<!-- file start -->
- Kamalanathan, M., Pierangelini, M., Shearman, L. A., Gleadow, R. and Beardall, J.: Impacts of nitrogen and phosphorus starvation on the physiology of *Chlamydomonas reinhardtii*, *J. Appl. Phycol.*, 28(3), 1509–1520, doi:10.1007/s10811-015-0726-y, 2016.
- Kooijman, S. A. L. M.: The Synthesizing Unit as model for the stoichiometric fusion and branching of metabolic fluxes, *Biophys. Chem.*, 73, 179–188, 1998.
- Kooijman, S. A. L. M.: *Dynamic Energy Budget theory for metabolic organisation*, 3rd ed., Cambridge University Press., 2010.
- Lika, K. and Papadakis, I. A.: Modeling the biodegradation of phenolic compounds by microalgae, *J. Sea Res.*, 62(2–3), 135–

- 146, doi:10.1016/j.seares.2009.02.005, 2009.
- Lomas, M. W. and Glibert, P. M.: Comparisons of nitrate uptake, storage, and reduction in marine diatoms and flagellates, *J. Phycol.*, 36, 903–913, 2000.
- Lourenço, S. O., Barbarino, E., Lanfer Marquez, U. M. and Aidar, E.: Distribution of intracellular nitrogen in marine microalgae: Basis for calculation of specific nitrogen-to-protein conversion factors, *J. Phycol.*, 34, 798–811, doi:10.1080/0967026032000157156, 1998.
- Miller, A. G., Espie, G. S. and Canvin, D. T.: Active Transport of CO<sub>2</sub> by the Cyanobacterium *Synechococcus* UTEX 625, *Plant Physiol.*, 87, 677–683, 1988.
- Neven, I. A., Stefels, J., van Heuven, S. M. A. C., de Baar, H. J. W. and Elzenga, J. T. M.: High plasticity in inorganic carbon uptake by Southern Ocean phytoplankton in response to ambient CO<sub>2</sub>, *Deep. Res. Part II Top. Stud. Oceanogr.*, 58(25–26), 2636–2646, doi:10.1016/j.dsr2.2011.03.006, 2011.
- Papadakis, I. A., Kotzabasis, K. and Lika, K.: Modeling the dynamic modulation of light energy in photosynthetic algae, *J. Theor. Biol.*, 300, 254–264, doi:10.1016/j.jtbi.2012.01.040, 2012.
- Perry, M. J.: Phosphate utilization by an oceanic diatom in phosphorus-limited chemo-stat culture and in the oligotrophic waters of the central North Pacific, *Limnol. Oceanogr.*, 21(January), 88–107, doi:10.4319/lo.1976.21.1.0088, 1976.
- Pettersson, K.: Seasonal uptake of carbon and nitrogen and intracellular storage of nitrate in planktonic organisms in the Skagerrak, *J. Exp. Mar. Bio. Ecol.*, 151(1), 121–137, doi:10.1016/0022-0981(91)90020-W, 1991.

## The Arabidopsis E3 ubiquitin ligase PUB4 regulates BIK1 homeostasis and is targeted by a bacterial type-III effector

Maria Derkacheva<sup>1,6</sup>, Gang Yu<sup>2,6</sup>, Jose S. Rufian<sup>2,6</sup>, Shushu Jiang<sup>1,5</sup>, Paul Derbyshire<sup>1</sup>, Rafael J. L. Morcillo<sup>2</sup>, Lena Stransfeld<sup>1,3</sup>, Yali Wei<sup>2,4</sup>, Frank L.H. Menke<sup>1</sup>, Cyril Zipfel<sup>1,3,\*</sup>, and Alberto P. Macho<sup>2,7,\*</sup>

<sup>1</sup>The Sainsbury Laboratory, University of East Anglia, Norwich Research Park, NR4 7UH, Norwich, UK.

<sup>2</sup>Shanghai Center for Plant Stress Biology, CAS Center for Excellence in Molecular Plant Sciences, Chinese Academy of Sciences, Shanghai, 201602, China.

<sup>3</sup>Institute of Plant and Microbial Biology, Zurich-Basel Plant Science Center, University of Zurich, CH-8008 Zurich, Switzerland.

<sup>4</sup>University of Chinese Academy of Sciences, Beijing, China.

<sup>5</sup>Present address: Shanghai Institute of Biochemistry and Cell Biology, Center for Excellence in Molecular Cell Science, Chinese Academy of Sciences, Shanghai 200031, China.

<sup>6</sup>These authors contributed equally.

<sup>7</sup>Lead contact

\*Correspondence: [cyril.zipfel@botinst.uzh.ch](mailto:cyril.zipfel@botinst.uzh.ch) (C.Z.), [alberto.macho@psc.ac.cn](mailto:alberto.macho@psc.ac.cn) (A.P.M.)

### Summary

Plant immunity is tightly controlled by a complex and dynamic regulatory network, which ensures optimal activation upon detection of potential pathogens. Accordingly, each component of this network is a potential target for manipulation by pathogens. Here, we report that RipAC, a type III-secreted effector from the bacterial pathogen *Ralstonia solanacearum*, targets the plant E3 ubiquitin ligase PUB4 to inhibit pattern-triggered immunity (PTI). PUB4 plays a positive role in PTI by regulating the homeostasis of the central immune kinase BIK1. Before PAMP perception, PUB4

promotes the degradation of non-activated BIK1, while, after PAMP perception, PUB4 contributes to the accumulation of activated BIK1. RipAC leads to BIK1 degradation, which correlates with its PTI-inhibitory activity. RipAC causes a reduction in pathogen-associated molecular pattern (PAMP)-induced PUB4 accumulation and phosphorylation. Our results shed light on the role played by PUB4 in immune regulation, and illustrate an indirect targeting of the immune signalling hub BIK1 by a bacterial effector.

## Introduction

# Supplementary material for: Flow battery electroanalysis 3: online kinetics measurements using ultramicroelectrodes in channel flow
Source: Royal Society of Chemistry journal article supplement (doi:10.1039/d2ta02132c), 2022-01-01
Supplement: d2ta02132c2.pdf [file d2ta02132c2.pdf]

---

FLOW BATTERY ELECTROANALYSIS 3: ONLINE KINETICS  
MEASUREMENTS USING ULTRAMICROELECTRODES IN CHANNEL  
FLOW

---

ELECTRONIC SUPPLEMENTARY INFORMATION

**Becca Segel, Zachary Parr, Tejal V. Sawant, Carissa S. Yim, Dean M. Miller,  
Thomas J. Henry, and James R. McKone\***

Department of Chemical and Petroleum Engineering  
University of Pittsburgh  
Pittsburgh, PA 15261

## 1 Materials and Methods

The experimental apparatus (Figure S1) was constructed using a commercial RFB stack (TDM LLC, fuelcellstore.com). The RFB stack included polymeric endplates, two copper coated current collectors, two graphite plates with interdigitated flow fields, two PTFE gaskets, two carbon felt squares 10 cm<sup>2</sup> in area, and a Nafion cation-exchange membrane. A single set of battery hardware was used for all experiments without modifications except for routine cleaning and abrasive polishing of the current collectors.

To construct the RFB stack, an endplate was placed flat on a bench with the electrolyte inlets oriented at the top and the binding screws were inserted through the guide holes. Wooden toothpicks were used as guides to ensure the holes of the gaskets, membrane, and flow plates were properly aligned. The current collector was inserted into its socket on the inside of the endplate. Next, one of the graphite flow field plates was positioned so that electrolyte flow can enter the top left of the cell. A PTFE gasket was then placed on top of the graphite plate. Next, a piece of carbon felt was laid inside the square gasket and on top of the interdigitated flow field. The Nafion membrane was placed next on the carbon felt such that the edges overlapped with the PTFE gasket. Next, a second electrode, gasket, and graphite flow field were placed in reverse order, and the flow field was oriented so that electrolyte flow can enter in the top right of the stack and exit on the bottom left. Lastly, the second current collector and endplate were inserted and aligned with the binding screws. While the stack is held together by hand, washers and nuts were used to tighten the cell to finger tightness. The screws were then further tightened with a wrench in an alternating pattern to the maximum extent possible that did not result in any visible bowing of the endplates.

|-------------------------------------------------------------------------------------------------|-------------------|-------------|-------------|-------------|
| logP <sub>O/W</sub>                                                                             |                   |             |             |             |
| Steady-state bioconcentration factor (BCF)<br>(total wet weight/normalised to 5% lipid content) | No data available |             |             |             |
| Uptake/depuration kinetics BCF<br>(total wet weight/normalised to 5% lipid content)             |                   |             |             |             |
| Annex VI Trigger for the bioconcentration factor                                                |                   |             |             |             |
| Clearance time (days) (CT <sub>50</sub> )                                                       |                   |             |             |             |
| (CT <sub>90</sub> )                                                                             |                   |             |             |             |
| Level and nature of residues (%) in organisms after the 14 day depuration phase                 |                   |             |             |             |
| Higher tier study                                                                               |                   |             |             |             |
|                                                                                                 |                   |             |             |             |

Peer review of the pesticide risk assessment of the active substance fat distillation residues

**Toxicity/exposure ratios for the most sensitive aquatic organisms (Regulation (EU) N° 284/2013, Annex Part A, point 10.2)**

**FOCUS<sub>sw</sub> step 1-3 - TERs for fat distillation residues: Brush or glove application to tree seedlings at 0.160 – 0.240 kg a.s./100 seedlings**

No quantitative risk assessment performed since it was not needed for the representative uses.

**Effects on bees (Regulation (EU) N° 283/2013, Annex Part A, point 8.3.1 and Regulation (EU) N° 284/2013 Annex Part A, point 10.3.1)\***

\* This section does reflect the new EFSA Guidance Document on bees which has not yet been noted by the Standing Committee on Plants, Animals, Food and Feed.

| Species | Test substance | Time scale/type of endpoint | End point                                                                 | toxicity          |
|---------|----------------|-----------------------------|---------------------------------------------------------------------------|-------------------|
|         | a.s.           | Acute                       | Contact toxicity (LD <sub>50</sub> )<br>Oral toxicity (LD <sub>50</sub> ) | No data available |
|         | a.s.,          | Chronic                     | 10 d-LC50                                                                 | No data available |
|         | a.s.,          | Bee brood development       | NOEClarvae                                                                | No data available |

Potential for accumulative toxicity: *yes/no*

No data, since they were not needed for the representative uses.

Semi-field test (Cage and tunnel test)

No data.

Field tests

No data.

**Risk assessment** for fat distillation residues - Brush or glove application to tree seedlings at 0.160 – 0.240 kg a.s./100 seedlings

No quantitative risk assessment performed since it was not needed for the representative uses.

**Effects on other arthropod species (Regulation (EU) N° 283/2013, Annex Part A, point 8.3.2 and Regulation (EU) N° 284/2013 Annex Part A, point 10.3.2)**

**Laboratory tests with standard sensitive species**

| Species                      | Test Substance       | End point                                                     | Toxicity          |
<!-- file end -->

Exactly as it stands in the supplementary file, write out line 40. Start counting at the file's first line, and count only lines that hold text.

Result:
Pittsburgh, PA 15261